7 Another Dreamer { 08.20.13 at 5:06 pm }

I don’t really know where I fall in sibling order, to be honest. I’m both the youngest, and the middle, child. For ten years I was both parent’s youngest, then when I was ten my father had my little brother. I guess I identify most with being the youngest, since I had the most experience with it in my youth.

I don’t know, looking at the youngest it doesn’t seem to really fit. I’m definitely not social (I have social anxiety), and I have never ever been popular. I was often perceived as “spoiled,” but only by my older brothers. And I can attest that I wasn’t spoiled, lol. I did not have high self-esteem, and I don’t think I have a low IQ lol.

Honestly, I think there’s are a lot of other factors that play a much bigger role in development as a child. Besides natural and inherited traits, there is so much more. Class, home environment, regional area, etc… I’m pretty sure my experiences in poverty and an abusive household had a much higher impact than which order I was born in.

8 Mrs. Gamgee { 08.20.13 at 6:25 pm }

Birth order has always been a bit of quandary for me. In my biological family, I am the eldest. During both of my bio-parents’ remarriages (blended families), I landed in the middle. For many years, I lived with my bio-mom as an only child (bio-dad had custody of my younger sibs). In my pseudo-adoptive family, I am technically the oldest, but that never really fit either as my sister and I are only four months apart in our ages.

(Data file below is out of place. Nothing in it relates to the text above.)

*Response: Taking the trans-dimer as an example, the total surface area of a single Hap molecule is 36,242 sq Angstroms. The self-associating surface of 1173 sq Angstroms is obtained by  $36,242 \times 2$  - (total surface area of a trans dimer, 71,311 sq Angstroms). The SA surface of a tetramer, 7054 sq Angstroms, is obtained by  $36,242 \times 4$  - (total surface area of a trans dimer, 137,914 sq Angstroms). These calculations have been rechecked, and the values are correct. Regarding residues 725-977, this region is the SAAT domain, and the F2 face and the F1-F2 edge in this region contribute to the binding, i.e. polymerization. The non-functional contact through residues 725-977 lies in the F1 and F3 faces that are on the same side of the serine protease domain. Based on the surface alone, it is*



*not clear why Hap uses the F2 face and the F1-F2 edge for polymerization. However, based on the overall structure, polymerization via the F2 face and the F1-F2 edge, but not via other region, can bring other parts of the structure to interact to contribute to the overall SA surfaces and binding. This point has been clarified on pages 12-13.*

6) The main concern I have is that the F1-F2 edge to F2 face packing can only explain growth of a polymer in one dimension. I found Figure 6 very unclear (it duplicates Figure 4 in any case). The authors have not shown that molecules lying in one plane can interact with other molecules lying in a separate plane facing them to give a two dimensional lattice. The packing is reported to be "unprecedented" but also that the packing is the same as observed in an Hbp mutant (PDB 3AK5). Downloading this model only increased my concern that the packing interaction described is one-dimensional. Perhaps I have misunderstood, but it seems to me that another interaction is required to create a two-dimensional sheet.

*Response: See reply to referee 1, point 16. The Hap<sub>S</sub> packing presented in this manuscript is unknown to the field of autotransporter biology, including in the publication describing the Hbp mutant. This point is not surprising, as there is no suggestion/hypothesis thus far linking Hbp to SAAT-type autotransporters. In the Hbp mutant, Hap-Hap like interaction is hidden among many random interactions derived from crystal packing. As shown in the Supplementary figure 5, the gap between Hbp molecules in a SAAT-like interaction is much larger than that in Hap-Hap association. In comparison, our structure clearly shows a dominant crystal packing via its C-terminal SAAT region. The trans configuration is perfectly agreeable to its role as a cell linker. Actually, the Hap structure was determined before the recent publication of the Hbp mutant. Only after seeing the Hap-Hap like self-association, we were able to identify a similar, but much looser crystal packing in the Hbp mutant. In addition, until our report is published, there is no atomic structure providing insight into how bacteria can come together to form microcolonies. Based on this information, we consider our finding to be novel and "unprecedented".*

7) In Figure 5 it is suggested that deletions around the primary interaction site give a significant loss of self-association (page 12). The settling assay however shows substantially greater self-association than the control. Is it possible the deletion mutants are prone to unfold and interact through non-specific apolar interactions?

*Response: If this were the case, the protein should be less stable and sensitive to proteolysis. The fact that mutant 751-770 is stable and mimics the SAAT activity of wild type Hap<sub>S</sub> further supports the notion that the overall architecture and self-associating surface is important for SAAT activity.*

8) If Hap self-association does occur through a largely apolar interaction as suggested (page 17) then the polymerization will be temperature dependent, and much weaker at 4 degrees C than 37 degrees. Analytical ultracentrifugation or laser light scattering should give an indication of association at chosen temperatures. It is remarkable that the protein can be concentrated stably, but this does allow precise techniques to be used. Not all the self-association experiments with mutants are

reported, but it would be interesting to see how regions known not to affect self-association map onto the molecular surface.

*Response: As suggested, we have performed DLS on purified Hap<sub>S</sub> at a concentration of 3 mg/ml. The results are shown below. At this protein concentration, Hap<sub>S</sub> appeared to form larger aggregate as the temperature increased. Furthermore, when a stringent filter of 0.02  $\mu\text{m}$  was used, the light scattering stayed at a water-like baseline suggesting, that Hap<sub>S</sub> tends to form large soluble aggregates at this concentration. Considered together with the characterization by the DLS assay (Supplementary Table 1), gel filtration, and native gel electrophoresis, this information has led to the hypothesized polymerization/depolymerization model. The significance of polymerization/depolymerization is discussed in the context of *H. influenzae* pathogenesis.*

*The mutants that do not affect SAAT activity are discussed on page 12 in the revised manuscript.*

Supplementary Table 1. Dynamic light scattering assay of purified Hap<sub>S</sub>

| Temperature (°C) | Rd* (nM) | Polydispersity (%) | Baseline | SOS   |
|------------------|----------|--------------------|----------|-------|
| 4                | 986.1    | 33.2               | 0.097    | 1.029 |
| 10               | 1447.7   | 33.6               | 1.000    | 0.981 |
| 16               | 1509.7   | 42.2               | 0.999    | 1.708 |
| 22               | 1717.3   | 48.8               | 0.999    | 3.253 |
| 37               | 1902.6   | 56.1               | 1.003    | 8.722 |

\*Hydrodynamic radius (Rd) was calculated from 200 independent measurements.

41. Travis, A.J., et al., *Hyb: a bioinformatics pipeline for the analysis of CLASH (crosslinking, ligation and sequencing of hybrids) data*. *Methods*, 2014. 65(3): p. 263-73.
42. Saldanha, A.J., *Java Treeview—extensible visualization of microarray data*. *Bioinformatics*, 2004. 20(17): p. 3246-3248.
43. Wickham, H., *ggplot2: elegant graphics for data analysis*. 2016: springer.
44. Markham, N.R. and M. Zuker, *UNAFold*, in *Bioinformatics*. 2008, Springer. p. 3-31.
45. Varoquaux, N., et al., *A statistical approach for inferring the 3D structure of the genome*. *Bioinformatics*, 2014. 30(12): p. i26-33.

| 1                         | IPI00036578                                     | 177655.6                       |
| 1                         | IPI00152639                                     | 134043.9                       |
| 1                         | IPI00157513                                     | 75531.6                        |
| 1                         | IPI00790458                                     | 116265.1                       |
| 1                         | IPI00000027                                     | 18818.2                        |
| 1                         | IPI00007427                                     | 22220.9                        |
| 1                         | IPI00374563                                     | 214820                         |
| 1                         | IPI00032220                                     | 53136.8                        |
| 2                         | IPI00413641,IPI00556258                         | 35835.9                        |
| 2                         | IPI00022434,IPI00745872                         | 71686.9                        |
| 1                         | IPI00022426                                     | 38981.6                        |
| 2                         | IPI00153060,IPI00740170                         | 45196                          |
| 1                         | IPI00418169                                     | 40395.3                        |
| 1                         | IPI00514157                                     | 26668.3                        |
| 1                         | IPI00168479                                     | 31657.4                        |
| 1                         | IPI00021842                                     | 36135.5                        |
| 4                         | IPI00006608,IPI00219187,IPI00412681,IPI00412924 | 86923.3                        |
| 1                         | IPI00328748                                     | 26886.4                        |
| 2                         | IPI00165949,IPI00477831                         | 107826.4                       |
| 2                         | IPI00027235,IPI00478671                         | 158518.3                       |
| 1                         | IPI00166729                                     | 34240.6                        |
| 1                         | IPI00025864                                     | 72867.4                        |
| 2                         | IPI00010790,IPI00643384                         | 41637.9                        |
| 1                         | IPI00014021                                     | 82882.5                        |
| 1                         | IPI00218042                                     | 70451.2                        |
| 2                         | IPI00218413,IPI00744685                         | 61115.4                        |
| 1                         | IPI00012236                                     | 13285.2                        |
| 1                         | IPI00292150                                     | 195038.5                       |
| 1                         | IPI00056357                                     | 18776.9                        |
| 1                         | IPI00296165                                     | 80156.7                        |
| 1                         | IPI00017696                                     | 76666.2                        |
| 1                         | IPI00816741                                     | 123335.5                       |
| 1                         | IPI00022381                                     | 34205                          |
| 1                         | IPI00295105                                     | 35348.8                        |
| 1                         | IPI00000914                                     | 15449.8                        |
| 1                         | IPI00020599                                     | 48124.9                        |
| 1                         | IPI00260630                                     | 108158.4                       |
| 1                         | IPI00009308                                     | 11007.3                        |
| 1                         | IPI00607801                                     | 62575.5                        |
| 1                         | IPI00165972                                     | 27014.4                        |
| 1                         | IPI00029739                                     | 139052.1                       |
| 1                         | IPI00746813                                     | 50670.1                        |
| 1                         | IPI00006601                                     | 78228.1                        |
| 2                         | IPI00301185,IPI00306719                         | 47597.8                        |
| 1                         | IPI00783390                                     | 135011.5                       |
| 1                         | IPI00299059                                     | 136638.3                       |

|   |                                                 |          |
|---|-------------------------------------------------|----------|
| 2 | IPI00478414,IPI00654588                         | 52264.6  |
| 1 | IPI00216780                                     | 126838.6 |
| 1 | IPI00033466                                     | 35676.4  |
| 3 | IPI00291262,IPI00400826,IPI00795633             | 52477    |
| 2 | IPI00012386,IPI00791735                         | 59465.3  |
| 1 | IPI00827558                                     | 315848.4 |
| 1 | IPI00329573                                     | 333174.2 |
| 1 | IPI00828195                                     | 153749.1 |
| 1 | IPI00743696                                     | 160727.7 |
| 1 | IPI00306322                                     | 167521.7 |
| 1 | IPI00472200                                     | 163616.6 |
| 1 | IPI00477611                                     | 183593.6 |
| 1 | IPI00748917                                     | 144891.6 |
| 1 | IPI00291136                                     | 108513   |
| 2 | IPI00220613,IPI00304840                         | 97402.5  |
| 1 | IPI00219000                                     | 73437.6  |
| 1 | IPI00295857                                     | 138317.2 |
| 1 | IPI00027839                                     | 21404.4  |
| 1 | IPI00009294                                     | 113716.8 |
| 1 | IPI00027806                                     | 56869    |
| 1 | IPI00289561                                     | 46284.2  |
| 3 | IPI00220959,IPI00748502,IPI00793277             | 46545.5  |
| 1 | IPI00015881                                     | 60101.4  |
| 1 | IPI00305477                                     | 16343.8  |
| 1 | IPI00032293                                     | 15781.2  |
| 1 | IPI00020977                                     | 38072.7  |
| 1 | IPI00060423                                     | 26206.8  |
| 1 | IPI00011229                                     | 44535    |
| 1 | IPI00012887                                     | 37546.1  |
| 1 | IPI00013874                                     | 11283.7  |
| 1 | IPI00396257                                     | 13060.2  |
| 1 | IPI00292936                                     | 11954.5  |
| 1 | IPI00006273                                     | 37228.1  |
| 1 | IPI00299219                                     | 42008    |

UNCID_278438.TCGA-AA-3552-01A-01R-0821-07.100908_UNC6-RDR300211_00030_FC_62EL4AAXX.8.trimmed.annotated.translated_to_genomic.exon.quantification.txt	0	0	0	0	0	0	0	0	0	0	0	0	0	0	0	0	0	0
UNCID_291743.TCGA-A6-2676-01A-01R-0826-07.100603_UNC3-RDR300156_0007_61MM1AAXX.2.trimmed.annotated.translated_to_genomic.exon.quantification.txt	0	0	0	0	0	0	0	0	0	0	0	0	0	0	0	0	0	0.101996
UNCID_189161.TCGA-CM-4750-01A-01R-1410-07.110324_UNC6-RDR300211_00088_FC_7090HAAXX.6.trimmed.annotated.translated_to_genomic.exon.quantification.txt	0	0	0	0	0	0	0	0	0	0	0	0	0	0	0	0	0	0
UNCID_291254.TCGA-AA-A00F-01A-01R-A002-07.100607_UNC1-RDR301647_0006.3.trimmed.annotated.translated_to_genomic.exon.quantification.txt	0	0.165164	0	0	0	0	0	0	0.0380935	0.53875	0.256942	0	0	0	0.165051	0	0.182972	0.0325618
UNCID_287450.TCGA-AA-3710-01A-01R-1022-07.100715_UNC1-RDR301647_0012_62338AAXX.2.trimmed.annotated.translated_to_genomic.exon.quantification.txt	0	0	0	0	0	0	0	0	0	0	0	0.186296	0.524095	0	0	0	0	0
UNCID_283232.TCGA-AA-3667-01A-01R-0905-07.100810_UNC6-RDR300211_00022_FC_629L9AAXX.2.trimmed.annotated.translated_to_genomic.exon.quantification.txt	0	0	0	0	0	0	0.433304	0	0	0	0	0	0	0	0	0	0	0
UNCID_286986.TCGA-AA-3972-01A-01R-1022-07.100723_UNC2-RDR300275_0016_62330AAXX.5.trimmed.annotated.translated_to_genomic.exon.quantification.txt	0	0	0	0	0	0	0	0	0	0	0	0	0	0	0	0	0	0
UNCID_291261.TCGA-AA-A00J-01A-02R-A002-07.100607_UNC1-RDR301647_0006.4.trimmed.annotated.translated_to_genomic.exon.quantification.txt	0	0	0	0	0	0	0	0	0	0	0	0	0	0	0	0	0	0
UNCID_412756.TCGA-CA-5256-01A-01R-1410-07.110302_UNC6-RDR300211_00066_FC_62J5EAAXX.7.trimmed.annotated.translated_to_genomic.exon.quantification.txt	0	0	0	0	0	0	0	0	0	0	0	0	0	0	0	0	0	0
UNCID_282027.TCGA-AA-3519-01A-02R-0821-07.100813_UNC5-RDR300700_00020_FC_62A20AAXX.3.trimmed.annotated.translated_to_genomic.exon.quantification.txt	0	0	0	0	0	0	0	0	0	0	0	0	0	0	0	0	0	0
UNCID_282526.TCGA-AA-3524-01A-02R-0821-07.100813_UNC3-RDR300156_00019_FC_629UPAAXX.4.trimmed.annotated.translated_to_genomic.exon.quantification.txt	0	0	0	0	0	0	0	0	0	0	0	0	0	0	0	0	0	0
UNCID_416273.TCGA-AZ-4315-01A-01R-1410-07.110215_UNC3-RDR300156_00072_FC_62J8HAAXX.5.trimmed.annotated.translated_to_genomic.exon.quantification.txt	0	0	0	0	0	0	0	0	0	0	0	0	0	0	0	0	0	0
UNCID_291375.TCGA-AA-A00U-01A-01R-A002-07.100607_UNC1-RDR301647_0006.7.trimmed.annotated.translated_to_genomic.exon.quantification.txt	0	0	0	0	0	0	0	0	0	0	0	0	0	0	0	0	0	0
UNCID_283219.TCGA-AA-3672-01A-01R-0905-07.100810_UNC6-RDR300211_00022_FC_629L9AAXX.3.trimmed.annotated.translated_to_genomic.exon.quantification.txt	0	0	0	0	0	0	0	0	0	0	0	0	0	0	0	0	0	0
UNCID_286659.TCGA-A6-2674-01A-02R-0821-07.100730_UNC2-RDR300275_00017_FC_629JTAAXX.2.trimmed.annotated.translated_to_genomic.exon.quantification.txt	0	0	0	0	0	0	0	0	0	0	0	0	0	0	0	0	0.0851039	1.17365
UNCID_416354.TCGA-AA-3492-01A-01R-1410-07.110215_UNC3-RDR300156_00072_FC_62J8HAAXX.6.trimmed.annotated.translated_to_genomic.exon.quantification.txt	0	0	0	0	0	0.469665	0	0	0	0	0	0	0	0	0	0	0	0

When reading about birth order, and when I had to study it a bit in college sociology and family systems, I found that I identified with some of all of the positions. It depended on which part of my family I was with most recently. Now that I have been apart from my bio family for so long, I think I resonate a bit more with the oldest child again.

I did find the article you linked to interesting, in particular the part about how oldest children generally won’t end up in long term romantic relationships with other oldest children. My Beloved is the youngest of five. I also found the health issues associated with birth order intriguing as well.

9 GeekChic { 08.20.13 at 10:58 pm }

I’m an only child (the term doesn’t bother me) and I had honestly never heard of the negative stereotypes about only children until I started reading ALI blogs – whether I fit any of them is something only others can say. ;)

Anyway, from the post you linked to I have quite a bit in common with the traits listed though I am not a good judge of my own selfishness or likeability. I’m also not entirely sure what a strong “gender identity” actual is… I’m female because I have 2 X chromosomes *shrug*.